Susan Cain: The power of introverts | Talk Video | TED

Being a strong extrovert, learning about introverts made me rethink so many of my — and society’s — existing paradigms. What social behaviors do we value? How do we teach kids?

My kids are both strong introverts. My daughter is probably off the charts, although as a teen-ager, she also enjoys being with friends. However, she avoids large events, has a small, tight group of friends, and craves having a full day of time all by herself. A full day of school exhausts her.

Where does this leave her academically? As Susan Cain explains, school now revolves largely around group activities. Even if the work is done on your own, you’re always surrounded by other people – up to 35 or more kids in a classroom.

No wonder she retreats to the safety of her phone in school. It’s one way to be by herself in a sea of humanity.


The Learning Revolution

I had the honor of hearing Jonathan Mooney speak recently. This is an excellent quick peek at his message of the need for a different look at education. We can no longer define intelligence as just reading, as the good kid is the one who sits still.

Just watch it. It’s only 7 minutes.

Getting Through

Parents and teachers should do everything possible to help kids get through high school without hating it.

-Gary Stager

Saw a recent tweet from Scott McLeod referencing this post by Gary Stager.

Wow. That is exactly what I’m facing right now with my 16-year old. How can this be? How can Gary Stager know this?

I don’t know the context of the entire post (great bits of wisdom he is sharing with parents from a Colorado school) but this bit really hit home. While I’m grateful that it appears that I’m not the only one in this situation, it is dreadfully sad that this is even an option!

My daughter (a junior) already hates high school. And honestly, who can blame her? Her every movement is questioned, regulated and controlled. She is told what she is supposed to learn, how she should learn it and how she has to demonstrate that learning. It’s even worse that the type of learning/assessment expected is largely rote, heavy reading and standardized multiple choice testing — all of which is difficult/boring for most kids, not to mention kids with attention deficits and dyslexia. For creative kids, this is enough to suck the soul out of learning and kill their spirit.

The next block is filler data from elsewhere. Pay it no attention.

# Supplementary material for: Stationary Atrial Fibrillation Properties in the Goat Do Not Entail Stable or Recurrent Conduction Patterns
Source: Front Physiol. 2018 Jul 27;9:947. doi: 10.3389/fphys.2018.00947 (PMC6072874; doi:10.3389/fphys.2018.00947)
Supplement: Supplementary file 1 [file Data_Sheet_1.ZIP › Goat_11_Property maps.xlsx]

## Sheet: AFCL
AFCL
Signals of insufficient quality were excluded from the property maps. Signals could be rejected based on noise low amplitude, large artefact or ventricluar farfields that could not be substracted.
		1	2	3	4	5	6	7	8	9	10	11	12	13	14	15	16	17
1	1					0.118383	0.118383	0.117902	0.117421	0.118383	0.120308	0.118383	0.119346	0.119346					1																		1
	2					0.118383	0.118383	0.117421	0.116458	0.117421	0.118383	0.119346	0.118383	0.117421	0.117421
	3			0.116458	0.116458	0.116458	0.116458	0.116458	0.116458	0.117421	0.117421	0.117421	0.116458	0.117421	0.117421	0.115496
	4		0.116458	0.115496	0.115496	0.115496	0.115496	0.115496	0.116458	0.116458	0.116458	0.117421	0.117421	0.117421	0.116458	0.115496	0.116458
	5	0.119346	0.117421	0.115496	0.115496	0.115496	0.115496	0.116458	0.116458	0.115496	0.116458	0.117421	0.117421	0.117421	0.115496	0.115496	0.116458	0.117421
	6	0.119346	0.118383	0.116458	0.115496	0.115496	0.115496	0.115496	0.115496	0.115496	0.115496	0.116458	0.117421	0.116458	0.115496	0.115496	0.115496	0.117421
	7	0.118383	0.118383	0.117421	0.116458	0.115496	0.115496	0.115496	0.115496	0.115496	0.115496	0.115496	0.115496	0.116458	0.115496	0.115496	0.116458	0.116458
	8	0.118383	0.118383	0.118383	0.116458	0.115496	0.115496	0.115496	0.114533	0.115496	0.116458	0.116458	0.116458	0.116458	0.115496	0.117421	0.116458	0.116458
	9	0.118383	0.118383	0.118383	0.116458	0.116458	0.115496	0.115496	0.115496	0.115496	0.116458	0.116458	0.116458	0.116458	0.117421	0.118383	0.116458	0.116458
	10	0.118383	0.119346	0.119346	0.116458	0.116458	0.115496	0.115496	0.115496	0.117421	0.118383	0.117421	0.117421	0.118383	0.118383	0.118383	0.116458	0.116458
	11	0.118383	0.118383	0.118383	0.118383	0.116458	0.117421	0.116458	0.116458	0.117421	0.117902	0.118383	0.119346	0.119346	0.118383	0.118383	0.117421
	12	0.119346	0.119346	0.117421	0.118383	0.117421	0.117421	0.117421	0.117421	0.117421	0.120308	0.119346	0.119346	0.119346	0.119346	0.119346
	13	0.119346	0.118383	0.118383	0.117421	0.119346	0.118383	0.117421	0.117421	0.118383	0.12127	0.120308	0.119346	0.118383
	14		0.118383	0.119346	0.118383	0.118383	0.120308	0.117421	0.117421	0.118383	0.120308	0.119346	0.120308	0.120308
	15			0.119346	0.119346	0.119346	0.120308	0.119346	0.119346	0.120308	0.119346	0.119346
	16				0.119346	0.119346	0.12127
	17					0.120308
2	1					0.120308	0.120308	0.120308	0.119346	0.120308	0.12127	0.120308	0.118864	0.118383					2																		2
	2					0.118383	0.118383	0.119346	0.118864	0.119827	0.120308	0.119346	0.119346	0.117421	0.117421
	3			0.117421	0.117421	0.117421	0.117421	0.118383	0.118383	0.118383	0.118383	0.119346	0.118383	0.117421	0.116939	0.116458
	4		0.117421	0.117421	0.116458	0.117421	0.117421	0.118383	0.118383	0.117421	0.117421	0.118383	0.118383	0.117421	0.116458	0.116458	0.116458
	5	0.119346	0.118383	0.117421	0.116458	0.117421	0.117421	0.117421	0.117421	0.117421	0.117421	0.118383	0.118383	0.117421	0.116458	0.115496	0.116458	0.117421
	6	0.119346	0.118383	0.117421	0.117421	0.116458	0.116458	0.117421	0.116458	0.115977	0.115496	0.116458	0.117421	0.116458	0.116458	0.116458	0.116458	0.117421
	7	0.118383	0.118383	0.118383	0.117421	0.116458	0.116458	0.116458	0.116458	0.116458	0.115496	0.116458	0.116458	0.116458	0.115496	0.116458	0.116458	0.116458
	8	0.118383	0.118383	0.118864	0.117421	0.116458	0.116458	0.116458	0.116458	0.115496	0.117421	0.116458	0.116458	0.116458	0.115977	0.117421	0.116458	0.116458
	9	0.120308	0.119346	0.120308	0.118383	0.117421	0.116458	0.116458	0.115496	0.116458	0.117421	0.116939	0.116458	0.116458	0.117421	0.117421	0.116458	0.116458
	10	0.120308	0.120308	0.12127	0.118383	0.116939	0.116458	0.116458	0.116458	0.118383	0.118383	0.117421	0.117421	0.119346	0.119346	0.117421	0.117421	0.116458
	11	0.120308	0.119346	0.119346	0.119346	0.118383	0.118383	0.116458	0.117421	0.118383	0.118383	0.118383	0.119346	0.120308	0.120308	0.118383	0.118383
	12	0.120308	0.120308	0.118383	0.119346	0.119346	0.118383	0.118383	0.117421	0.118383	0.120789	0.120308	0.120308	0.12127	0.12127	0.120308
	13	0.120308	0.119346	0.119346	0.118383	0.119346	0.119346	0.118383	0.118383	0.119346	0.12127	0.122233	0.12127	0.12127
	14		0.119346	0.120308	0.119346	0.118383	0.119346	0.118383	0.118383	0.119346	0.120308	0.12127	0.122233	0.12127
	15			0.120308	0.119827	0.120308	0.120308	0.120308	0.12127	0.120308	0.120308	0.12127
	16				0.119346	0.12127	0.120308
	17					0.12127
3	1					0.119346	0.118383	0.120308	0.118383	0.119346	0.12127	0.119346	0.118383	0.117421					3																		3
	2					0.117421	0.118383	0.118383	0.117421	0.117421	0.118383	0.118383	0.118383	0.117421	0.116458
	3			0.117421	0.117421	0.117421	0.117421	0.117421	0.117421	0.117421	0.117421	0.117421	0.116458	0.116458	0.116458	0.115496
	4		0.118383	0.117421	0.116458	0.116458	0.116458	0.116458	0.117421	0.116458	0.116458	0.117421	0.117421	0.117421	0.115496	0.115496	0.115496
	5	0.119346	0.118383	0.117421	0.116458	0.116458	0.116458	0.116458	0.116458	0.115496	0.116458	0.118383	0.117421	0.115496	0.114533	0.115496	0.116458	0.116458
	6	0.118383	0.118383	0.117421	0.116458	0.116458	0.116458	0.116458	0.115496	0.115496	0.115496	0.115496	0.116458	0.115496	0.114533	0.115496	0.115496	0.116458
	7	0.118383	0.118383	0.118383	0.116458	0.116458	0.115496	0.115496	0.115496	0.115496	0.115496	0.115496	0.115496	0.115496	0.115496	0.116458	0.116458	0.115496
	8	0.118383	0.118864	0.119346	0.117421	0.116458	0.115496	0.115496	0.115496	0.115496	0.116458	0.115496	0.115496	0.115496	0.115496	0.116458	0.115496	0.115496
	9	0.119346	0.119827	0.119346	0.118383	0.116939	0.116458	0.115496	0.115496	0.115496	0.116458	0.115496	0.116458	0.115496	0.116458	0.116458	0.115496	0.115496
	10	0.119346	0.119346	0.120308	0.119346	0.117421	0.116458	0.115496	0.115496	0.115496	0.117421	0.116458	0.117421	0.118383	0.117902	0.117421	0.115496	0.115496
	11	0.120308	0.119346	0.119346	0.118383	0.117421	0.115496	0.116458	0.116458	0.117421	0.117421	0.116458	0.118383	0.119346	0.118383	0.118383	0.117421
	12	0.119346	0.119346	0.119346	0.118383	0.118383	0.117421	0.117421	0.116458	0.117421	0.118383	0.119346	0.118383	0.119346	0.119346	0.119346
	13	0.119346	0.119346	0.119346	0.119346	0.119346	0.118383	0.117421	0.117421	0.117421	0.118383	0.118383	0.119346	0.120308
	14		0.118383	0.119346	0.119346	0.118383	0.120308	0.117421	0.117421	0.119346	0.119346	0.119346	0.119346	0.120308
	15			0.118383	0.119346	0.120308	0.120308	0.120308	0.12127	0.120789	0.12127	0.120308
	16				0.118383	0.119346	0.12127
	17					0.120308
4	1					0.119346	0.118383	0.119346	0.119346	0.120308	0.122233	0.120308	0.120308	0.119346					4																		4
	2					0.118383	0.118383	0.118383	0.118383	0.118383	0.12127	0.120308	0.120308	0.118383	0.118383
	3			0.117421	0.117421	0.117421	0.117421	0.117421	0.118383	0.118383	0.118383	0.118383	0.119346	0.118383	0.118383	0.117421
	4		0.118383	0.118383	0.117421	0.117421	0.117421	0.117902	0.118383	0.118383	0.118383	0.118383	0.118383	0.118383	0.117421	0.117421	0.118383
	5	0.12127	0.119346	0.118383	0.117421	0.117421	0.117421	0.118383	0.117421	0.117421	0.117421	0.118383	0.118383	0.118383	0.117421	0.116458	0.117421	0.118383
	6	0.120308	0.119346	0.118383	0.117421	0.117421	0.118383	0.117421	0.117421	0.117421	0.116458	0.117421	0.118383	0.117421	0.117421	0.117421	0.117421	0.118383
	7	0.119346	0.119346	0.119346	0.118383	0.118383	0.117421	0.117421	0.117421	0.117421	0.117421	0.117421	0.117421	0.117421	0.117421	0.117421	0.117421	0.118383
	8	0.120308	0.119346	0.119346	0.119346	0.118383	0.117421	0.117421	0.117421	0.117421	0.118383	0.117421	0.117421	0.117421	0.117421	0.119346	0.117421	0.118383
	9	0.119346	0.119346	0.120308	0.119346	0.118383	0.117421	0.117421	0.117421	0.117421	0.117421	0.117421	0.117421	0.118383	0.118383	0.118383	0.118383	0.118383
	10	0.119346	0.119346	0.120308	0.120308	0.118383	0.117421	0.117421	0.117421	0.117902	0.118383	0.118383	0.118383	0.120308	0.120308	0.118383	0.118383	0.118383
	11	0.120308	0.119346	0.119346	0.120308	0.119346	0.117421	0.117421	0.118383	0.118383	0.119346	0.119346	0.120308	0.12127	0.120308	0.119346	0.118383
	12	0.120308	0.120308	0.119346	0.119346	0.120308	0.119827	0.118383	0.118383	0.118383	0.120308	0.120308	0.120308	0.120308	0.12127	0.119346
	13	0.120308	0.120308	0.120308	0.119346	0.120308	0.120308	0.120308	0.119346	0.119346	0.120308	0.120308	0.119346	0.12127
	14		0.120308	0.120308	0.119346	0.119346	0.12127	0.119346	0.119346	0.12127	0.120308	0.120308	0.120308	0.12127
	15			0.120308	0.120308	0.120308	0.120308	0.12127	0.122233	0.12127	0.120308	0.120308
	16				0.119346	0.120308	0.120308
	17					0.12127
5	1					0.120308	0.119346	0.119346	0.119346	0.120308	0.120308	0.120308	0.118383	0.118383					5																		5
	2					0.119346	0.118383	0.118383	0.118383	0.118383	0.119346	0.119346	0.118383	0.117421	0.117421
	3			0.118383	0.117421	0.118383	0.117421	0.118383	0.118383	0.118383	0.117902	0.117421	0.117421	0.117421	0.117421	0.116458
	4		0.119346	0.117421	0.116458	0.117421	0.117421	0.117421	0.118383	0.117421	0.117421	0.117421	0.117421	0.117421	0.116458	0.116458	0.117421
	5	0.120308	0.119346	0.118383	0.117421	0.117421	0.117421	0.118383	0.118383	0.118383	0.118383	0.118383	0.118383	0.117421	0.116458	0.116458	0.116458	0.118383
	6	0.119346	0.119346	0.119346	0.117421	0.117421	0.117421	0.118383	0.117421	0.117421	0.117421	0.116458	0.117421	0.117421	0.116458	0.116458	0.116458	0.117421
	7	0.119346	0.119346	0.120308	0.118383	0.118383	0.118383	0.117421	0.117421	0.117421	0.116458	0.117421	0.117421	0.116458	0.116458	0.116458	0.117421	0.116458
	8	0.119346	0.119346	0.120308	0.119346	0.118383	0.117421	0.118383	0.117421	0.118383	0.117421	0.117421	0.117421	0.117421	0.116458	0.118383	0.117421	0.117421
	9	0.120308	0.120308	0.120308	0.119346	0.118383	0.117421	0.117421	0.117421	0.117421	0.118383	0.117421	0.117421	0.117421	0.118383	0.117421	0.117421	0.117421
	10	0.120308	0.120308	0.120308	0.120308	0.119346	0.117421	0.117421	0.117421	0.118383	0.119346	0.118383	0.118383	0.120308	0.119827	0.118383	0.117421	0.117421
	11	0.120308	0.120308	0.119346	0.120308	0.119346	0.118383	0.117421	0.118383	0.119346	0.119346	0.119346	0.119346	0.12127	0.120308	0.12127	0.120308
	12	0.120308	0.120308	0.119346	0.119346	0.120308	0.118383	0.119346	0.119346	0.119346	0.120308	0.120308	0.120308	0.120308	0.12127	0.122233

Yet, she’s blamed for not working hard enough.

Huh — have you ever seen her work on the lines to a play? unwrap a very difficult passage in a choral piece? curate visuals for her blog or develop a playlist? Watch her taking pictures sometime. She can work, she can focus. She just can’t do it on stuff that isn’t interesting. But she’s told that all the things she finds stimulating aren’t valid. Not explicitly, but truly, that’s what traditional schooling tells us all the time, everytime you enter a class, take a test or do homework.

I don’t blame the teachers. Most of them have their heart in the right place. They just have unrealistic workloads, too many standards to teach, and ridiculous pressure for these tests. Please give them some space to do what they want to do, why most of them went into the profession.

So, Gary Stager, how do I get my daughter through these last two years of high school?

Two Movements, Same Message

I recently attended a workshop for parents of kids with ADHD and/or dyslexia. We are dealing with a recent diagnosis in one of our kids — and it’s a whole new road to travel.

Jonanthan Mooney was inspiring and motivating. He talked about his experiences as a kid with ADHD and dyslexia. He talked about how important people in his life lifted him up and empowered him to take control to eventually graduate from Brown, write two books and be a founder of a non-profit. I do think he needs to give himself a little more credit – -he has an amazing resolve and motivation to do things right.

His message about “disabilities” in school was profound, being new to this world. He talked at length about the “disability” of ADHD/Dsylexia being a disability only in certain places, like school. In other settings, it’s an asset.

Four major takeaways for me:

  • Rebuild a child’s self-esteem. The child isn’t disabled — it’s everyone else’s attitude towards these kids that is the problem. 
  • Play to their strengths, don’t remediate the weaknesses.
  • Find advocates, mentors.
  • Intelligence is defined as ability to read. This is not the only way to measure, demonstrate intelligence.

While I was at this session purely for personal reasons as a parent of a child with ADHD and dyslexia, I was struck by the similarities in his advocacy for children with “disablities” and the messages I know well from the education technology movement.

  • He has a profound dislike of standardized tests
  • Sitting still shouldn’t get you good grades
  • Need to teach collaboration and critical thinking above memorization
  • Use the tools we have (TECHNOLOGY) to access content. TEACH kids to think, not memorize.

Here’s his message in a TED Talk nutshell: